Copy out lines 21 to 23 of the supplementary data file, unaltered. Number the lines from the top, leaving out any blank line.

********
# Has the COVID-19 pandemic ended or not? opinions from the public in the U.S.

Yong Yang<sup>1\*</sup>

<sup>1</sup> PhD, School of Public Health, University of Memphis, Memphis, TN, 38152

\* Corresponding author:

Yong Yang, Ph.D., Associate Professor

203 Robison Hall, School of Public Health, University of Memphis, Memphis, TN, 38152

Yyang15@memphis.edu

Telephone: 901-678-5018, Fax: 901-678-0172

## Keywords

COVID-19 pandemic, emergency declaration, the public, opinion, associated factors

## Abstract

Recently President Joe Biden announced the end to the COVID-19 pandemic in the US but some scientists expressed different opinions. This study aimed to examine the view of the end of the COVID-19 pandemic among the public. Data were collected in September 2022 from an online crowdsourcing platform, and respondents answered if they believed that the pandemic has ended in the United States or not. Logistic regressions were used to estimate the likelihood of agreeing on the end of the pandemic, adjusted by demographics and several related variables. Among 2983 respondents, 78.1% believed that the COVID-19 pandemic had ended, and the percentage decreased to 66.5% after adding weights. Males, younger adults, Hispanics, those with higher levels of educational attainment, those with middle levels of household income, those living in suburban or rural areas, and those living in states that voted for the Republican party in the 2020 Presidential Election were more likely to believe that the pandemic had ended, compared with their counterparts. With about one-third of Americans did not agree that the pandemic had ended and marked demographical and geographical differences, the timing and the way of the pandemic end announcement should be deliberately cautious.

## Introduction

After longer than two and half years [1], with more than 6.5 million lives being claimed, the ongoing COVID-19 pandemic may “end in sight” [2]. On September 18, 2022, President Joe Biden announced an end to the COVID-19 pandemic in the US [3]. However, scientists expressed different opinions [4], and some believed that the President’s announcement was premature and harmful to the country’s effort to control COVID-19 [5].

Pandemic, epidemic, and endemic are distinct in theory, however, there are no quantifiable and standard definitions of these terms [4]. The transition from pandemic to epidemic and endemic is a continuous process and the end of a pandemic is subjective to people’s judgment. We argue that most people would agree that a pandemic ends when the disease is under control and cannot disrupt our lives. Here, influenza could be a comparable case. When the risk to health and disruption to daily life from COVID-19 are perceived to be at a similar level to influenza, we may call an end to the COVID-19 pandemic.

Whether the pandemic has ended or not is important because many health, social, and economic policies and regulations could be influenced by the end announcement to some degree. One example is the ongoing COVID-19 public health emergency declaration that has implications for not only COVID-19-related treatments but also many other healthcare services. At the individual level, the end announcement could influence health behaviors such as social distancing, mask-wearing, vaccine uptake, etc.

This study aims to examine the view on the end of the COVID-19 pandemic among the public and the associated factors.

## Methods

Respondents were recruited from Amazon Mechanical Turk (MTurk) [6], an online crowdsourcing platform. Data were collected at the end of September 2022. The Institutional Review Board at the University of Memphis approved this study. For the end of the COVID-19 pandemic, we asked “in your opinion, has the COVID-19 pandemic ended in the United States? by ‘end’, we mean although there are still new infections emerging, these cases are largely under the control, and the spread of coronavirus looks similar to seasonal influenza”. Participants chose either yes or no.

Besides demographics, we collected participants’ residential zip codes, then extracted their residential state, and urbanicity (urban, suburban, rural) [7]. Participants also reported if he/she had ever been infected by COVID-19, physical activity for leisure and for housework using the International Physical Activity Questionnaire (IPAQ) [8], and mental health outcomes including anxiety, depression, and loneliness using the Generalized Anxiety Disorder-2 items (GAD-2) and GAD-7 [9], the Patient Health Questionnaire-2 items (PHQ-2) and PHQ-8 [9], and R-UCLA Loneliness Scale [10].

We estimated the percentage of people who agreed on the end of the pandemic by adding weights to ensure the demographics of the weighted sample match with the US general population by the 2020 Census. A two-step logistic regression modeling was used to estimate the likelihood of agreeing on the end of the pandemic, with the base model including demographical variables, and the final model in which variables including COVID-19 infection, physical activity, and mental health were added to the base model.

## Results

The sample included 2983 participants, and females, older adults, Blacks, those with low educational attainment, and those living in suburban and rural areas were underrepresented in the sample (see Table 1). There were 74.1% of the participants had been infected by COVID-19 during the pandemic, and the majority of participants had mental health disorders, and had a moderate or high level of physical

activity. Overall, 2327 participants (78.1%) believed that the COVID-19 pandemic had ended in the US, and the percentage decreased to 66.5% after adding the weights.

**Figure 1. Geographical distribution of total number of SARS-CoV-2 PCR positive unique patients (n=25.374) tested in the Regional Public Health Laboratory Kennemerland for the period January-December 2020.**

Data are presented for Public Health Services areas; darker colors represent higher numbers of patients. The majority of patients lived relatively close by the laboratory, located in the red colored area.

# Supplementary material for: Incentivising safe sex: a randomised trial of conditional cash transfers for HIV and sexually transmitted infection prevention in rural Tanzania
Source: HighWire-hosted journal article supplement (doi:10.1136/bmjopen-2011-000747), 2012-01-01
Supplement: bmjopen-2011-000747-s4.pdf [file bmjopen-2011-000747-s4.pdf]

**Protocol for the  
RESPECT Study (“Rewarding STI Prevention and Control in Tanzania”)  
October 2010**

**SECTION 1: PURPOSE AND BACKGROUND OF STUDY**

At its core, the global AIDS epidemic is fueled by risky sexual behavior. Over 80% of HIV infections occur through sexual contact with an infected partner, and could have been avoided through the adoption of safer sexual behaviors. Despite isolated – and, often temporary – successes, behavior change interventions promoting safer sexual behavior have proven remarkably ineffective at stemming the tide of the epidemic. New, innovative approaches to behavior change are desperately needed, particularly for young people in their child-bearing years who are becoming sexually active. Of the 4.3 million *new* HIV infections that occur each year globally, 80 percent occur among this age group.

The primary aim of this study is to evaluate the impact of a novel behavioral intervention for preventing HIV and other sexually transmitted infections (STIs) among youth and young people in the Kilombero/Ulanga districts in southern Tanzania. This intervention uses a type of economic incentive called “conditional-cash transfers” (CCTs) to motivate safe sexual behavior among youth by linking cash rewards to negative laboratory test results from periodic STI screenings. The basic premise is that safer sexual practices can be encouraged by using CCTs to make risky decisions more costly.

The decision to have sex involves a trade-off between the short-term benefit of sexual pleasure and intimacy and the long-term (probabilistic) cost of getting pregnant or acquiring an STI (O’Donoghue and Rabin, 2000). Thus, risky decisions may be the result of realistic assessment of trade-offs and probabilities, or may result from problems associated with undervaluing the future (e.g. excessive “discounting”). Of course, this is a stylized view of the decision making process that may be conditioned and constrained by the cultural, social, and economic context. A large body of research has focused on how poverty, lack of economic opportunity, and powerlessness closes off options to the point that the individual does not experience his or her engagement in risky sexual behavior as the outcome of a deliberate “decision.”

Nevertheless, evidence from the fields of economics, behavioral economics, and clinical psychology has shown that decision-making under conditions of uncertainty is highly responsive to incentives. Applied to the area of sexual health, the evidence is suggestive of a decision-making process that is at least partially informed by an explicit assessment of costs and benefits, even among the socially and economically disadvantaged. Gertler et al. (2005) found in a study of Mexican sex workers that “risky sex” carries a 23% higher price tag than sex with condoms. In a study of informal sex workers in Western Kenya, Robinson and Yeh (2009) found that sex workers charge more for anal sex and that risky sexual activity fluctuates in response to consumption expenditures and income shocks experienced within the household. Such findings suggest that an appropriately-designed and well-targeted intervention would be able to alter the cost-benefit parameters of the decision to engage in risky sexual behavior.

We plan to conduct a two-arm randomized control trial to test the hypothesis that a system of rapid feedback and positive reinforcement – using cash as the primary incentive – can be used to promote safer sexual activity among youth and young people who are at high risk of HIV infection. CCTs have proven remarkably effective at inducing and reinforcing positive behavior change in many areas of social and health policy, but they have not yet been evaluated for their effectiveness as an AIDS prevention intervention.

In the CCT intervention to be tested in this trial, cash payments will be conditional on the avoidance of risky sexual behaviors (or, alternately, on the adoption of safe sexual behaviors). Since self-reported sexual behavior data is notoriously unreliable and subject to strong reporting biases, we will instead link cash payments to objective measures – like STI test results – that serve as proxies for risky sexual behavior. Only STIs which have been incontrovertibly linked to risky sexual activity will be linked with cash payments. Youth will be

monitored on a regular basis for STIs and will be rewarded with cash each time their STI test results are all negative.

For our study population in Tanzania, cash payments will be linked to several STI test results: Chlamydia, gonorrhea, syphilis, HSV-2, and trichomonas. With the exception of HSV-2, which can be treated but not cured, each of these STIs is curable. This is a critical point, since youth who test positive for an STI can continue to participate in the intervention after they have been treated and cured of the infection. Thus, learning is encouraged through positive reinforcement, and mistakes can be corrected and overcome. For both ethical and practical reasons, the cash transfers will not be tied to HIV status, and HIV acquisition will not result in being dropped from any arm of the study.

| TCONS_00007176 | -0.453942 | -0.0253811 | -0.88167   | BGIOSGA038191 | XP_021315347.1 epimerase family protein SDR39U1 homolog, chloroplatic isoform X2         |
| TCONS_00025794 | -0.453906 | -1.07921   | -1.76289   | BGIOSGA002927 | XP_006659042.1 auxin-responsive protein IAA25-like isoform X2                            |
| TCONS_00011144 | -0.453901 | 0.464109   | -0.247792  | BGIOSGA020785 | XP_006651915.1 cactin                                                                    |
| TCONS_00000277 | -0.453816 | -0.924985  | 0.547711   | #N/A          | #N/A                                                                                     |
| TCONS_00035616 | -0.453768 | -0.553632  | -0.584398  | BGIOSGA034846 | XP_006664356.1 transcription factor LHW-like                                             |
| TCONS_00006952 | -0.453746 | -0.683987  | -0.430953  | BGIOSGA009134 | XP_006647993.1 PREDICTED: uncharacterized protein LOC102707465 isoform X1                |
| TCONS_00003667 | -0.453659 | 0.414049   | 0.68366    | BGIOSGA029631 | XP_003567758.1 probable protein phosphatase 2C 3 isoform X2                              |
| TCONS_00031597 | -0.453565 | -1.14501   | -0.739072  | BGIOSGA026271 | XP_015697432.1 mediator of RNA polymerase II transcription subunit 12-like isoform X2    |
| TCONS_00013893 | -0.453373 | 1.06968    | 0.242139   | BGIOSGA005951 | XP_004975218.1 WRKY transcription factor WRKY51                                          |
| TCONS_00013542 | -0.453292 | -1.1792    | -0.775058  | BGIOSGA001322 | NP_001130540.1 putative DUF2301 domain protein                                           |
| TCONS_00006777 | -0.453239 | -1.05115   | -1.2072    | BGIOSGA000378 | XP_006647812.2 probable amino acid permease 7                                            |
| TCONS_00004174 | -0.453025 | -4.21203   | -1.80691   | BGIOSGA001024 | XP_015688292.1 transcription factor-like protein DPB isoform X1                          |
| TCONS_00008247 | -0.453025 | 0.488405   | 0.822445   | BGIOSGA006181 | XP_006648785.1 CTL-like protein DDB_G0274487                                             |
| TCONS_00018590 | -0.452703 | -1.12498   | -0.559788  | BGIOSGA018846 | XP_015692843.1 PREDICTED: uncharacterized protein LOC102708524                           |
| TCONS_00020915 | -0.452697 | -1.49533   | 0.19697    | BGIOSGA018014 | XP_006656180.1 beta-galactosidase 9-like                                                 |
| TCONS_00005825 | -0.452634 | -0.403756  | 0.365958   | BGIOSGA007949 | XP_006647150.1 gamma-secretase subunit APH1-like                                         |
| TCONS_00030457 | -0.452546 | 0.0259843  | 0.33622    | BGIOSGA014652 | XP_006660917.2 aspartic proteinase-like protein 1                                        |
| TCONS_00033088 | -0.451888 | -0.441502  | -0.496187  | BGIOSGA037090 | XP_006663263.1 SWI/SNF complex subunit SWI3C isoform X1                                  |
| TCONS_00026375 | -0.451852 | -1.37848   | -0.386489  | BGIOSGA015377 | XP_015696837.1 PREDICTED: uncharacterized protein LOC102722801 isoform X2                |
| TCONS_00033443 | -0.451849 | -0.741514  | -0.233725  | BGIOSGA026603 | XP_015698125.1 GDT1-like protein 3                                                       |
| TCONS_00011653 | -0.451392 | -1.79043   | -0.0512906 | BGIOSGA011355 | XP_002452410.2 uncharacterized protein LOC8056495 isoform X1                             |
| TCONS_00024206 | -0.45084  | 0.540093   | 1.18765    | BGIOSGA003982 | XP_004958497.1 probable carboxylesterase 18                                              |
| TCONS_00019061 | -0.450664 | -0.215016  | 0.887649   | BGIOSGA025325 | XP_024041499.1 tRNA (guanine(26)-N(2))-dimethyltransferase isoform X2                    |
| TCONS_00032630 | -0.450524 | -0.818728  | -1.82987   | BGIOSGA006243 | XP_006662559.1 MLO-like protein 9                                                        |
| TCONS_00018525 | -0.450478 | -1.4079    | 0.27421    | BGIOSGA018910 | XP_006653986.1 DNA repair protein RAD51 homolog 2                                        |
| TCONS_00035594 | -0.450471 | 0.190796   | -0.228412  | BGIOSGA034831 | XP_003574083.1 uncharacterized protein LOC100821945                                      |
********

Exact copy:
We estimated the percentage of people who agreed on the end of the pandemic by adding weights to ensure the demographics of the weighted sample match with the US general population by the 2020 Census. A two-step logistic regression modeling was used to estimate the likelihood of agreeing on the end of the pandemic, with the base model including demographical variables, and the final model in which variables including COVID-19 infection, physical activity, and mental health were added to the base model.

## Results

The sample included 2983 participants, and females, older adults, Blacks, those with low educational attainment, and those living in suburban and rural areas were underrepresented in the sample (see Table 1). There were 74.1% of the participants had been infected by COVID-19 during the pandemic, and the majority of participants had mental health disorders, and had a moderate or high level of physical